How to Beat the Applicant Tracking Systems (ATS)
Landing a job in today’s competitive economy is tough. Unfortunately for candidates, applicant tracking systems (ATS) can make the process more complicated.
ATS is the computer software used by companies to manage and sort the flood of job applications and resumes they receive. ATS has many benefits for companies and hiring managers, but the software presents several challenges for job candidates.
The average employer receives 250 resumes per job posting, according to a study from Glassdoor. ATS sorts and screens resumes, essentially weeding out the resumes that don’t match keywords and parameters set by employers.
This automation from an ATS saves companies a lot of time, money, and frustration. RecruitingBlogs estimates that small companies can save $10,000 in wasted time and effort by using an ATS.
Like it or not, ATS is here to stay. About 75% of recruiting and hiring pros use the software, according to Capterra. Nearly all (94%) also told Capterra that ATS has improved its recruiting process.
Why You Need to Know About ATS
Every job seeker today needs to know what an ATS is and, more importantly, write and format their resumes so they can get past one.
The function of an ATS is to eliminate resumes that are under-qualified, identify top candidates, and minimize the pool of resumes. This means if your resume isn’t designed to beat an ATS, the hiring manager may never see it.
Just because your resume didn’t beat the ATS also doesn’t mean you’re weren’t qualified for the job. Some ATS can’t reliably filter candidates. Great candidates may slip through the cracks because their resumes don’t have the correct keywords or aren’t formatted properly.
The Importance of Keywords
One key function of ATS is to analyze resumes for keywords. Some software even rates resumes based on how well desired keywords match the applicant’s resume. This is one top way hiring pros use ATS to sort through hundreds of resumes and rank them.
Because of this ATS feature, job seekers must have the proper keywords in their resumes for each job they apply to. The best way to do this is to carefully read the job description.
Recruiters are most likely to search for a job title and hard skills when using ATS. Read the job description and make sure the listed job title is included somewhere in your resume – more than once, if possible.
Also, notice what hard skills are listed in the job description, especially those that appear multiple times. You’ll also want to include those hard skills in your resume where applicable.
Only include applicable skills, and don’t try to cheat your way past the ATS. Beating the software is important, but you shouldn’t risk your integrity. Hiring managers will find out sooner or later if you’re lying.
Also, be careful with the wording of keywords and make them exactly match what’s in the job description. For example, the company may be looking for a “Certified Professional Resume Writer.” If that’s the case, spell out the phrase exactly as it appears, and avoid using an abbreviation like “CPRW.”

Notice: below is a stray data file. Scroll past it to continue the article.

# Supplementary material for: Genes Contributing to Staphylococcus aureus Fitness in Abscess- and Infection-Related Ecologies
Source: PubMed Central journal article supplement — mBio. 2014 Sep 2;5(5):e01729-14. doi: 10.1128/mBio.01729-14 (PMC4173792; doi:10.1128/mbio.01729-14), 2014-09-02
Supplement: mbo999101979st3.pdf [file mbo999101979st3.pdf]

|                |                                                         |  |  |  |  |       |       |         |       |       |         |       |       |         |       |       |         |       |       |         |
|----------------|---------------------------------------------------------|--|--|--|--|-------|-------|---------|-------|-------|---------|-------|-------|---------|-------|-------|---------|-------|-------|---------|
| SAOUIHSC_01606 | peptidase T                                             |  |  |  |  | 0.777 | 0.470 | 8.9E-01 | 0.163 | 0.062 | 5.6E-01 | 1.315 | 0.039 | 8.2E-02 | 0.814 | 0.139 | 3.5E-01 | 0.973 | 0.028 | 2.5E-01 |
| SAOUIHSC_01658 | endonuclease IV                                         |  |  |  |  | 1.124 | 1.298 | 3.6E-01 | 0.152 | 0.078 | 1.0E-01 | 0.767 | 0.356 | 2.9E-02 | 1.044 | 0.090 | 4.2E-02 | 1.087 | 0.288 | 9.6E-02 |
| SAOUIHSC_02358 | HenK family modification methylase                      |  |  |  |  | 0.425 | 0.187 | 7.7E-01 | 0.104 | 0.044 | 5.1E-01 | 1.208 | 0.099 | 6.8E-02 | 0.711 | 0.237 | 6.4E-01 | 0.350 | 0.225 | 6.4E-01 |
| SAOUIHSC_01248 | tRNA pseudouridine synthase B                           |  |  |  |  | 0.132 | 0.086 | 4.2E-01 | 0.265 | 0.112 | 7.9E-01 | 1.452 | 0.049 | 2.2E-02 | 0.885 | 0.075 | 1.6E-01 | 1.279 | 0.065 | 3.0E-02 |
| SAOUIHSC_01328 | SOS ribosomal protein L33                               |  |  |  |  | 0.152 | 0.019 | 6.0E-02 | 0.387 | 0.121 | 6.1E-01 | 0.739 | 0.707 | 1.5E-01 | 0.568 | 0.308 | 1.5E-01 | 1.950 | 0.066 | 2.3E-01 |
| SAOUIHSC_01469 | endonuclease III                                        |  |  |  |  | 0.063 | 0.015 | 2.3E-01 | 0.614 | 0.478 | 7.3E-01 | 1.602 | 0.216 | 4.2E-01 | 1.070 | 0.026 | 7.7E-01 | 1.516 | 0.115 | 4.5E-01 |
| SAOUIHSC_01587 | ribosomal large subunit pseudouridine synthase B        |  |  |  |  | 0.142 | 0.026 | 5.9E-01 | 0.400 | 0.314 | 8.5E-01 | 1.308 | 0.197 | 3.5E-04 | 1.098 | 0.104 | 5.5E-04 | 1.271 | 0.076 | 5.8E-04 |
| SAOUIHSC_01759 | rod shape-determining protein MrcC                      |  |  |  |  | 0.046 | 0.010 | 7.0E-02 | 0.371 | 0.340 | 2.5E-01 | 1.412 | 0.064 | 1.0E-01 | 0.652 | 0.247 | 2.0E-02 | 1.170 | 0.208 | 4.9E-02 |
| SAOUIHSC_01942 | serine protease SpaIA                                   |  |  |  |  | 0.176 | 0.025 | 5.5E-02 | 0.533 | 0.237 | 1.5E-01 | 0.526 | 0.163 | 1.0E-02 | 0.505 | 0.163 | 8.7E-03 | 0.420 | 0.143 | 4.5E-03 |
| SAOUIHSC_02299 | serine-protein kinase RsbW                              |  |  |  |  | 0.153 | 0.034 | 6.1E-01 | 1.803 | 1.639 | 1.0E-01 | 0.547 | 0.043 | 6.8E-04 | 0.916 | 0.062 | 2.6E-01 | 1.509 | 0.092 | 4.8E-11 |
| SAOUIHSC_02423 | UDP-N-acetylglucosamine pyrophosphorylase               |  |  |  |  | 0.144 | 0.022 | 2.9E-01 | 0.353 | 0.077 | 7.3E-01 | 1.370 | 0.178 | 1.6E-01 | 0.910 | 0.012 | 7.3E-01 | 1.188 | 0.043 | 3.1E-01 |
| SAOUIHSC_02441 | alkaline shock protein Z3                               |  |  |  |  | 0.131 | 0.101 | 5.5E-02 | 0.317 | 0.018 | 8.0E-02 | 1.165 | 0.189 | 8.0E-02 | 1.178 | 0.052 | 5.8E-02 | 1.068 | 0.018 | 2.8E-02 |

As we mentioned before, some unsophisticated ATS may be looking only for one phrase, and it may weed out your resume if it doesn’t have an exact match.
Formatting is Critical
The formatting of your resume also has a significant impact on whether it gets past an ATS. Many ATS remove formatting and analyze plain text. In turn, it’s recommended to keep your resume’s format as simple as possible.
Use standard headings for sections of your resume, such as Work History, Professional
Experience, and Education. ATS are usually programmed to look for specific headings and titles, so don’t get too creative when naming them.
Using tables and columns is usually great on a resume, as it allows you to maximize space on the page. But tables and columns aren’t so great when trying to beat an ATS.
An ATS strips formatting out of resumes, and when tables and columns are used, it can cause system errors. ATS could read table content out of order or simply jumble the information. The result is a hiring manager may end up reading confusing information, or not see your resume at all. You’re better off leaving tables and columns out of your resume altogether.
Using a unique font also isn’t advisable. Your best bet is to use Times New Roman or Arial to beat ATS. Other acceptable fonts include Cambria, Georgia, Calibri, and Verdana. Font size doesn’t matter, but a 10- to 12-point font is generally recommended.
Other formatting tips to keep in mind include:
- Bullet points are okay. Bullet points are a great way to organize information on a resume, and they should be used. Just be sure to only use the standard black-dot bullet points. Getting fancy and using bullet points like stars or diamonds may work against you when facing an ATS.
- Correctly format dates. Always use both the month and year when writing dates on your resume. Only using the year can confuse an ATS. When you only use the year, ATS may automatically assign January 1st as the start date of the work experience or education.
- Use a professional file name. Some ATS include the file name in their systems, so it’ll be visible to hiring managers. In turn, make sure the file name you choose is professional.